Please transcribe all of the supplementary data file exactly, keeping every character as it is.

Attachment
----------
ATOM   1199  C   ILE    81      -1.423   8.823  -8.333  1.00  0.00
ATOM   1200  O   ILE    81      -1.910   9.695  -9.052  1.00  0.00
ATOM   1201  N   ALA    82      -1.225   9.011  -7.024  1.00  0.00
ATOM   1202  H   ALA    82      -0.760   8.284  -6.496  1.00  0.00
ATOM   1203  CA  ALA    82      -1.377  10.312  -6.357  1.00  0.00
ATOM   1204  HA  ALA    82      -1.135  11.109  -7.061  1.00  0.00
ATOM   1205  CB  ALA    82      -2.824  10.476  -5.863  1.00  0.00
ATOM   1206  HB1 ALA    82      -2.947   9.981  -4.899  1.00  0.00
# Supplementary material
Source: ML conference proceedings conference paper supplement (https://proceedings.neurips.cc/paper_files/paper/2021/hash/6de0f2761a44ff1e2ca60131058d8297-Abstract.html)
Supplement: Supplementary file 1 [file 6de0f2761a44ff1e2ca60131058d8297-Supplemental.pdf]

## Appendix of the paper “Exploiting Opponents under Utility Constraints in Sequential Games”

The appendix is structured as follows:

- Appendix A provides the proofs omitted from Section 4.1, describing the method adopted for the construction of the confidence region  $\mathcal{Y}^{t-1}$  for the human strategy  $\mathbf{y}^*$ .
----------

ATOM   1199  C   ILE    81      -1.423   8.823  -8.333  1.00  0.00
ATOM   1200  O   ILE    81      -1.910   9.695  -9.052  1.00  0.00
ATOM   1201  N   ALA    82      -1.225   9.011  -7.024  1.00  0.00
ATOM   1202  H   ALA    82      -0.760   8.284  -6.496  1.00  0.00
ATOM   1203  CA  ALA    82      -1.377  10.312  -6.357  1.00  0.00
ATOM   1204  HA  ALA    82      -1.135  11.109  -7.061  1.00  0.00
ATOM   1205  CB  ALA    82      -2.824  10.476  -5.863  1.00  0.00
ATOM   1206  HB1 ALA    82      -2.947   9.981  -4.899  1.00  0.00
# Supplementary material
Source: ML conference proceedings conference paper supplement (https://proceedings.neurips.cc/paper_files/paper/2021/hash/6de0f2761a44ff1e2ca60131058d8297-Abstract.html)
Supplement: Supplementary file 1 [file 6de0f2761a44ff1e2ca60131058d8297-Supplemental.pdf]

## Appendix of the paper “Exploiting Opponents under Utility Constraints in Sequential Games”

The appendix is structured as follows:

- Appendix A provides the proofs omitted from Section 4.1, describing the method adopted for the construction of the confidence region  $\mathcal{Y}^{t-1}$  for the human strategy  $\mathbf{y}^*$ .